The most commonly recycled materials at Monomotapa and Shamrock Park include ferrous metal from tin cans and scrap metal from old vehicles and nonferrous metals such as aluminium, copper, and lead. Heavy metals such as zinc, mercury, and silver are also recovered from vehicle and household batteries while automobile and truck tyres and road building materials are recovered from tyres for recycling. Recyclable construction and demolition wastes in Monomotapa and Shamrock Park have been a source of soil, asphalt, concrete, wood, dry wall, shingles, and metals for builders and have in some cases constituted up to 25% of the building and construction material. The materials recovered from recycling differ significantly between the enterprises mainly involved with manufacturing and construction (Monomotapa and Shamrock Park) and those mainly concerned with retailing, repair, and service functions at Kudzanai market, Kombayi market, Ascot, and Mkoba.
Analysis of solid waste management in the informal sector of Gweru has revealed that large amounts of waste are generated indicating poor material efficiency in the enterprises. This situation is characteristic of the market areas such as Kudzanai and Kombayi markets where huge amounts of biodegradable food and vegetable wastes are generated and dumped haphazardly. The major causes of the solid waste problem in the informal sector can be traced to the lack of urgency in dealing with the waste management problem by both the central government and the city authorities. This is mainly due to the nonexistence of a waste policy that provides a framework for the planning and organisation of waste management activities as well as the weak enforcement of legislation that makes reference to environmental management and solid waste management. There is clearly lack of public education on issues that deal with environmental management by the various institutions mandated with this task and these include the Environmental Management Agency (EMA) that falls under the Ministry of Environment and Natural Resources, the Ministry of Local Government, the Ministry of Education Sport and Culture, the Ministry of Health, the National Social Security Authority (NSSA), and various nongovernmental organisations such as Environment Africa.
There is a marked dearth of solid waste management data in as far as the informal sector of Zimbabwe is concerned. Creating a data base for the informal sector of Gweru could encourage other local authorities and the central government to encourage research on the generation rates of solid waste with regard to the various sectors of the local economies, the collection, and disposal practices as well. Data on the characteristics of solid waste generation would assist in the planning of appropriate strategies to manage the waste. Education is vital in raising awareness on environmental management issues and especially solid waste management. This is an area in which the Environmental Management Agency under the Ministry of Education could play a part through its education and publicity department.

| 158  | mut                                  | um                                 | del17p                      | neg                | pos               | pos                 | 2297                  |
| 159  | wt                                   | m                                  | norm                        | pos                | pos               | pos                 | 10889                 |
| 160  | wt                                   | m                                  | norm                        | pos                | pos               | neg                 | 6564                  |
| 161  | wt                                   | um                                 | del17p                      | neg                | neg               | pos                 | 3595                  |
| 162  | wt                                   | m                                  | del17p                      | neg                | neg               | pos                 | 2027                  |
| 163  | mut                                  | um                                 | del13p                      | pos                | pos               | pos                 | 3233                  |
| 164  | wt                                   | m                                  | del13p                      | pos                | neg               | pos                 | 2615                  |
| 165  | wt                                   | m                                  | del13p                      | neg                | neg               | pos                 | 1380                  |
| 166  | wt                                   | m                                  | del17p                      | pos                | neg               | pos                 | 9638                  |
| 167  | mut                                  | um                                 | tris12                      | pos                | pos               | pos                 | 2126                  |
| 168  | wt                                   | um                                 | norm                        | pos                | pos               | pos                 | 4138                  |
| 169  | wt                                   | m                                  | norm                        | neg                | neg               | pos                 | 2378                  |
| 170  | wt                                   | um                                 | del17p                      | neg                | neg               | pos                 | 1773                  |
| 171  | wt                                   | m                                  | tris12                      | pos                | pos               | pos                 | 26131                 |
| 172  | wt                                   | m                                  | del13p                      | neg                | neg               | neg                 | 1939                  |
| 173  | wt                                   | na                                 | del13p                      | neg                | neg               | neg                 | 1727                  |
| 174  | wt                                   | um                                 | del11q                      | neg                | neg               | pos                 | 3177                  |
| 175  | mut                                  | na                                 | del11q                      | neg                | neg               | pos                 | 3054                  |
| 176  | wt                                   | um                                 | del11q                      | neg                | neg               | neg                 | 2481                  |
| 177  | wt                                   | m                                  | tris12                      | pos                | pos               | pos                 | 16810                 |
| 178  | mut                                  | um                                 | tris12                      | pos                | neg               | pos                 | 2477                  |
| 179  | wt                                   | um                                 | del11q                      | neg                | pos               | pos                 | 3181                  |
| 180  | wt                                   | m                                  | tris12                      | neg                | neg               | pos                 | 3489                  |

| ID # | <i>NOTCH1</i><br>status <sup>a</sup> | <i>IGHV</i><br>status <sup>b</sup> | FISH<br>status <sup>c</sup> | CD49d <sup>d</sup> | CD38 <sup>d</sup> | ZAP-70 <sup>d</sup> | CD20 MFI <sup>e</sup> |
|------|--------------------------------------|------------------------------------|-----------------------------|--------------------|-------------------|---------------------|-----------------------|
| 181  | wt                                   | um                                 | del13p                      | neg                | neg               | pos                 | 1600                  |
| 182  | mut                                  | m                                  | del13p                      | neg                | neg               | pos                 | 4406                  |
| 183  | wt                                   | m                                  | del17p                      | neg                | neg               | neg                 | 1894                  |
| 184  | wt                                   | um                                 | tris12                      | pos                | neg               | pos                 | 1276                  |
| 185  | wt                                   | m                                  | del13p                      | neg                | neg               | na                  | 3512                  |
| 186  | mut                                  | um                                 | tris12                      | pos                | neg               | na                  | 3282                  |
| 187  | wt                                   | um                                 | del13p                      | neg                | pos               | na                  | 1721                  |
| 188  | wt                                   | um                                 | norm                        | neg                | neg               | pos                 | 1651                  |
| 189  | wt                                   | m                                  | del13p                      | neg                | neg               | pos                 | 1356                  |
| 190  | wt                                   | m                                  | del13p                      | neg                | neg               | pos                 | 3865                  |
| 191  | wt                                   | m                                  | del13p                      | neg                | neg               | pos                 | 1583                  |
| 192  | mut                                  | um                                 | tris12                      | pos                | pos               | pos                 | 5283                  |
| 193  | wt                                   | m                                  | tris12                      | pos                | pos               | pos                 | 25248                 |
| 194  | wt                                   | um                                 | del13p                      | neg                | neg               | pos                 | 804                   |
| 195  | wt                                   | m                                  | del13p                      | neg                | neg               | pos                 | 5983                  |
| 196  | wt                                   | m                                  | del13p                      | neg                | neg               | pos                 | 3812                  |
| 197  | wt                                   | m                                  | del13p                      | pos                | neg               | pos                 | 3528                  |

In order to prevent or minimise waste generation in the informal sector of Gweru, there is need to control the enterprise activities undertaken thereof. This can be done by adopting an integrated approach, one that integrates waste management activities into the waste management system of Gweru. There is need to fully integrate the informal sector into the solid waste management system of the city of Gweru and also prioritise the waste management strategies following the order presented in the waste management hierarchy. This means educating the informal sector enterprise operators on the merits of waste prevention, waste reduction, reuse, and recycling as well as composting and energy production from waste. In this study, it has been observed that the bulk of waste generated in the market areas comprises organic waste and hence composting could be a vital solution for preventing waste from ending up in the least desired disposal option, the landfill. The success of a programme of selective collection lies in the participation of citizens which determines the type and amount of materials to be collected.
Conflict of Interests
The authors declare that there is no conflict of interests regarding the publication of this paper.
The authors acknowledge the financial assistance provided by the Research and Postgraduate Office of the Midlands State University for undertaking this research. Informal sector operators in all the spatial areas of Gweru involved in this study are also thanked for their willingness in providing information relating to their activities.
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Copyright © 2014 Steven Jerie and Daniel Tevera. This is an open access article distributed under the Creative Commons Attribution License, which permits unrestricted use, distribution, and reproduction in any medium, provided the original work is properly cited.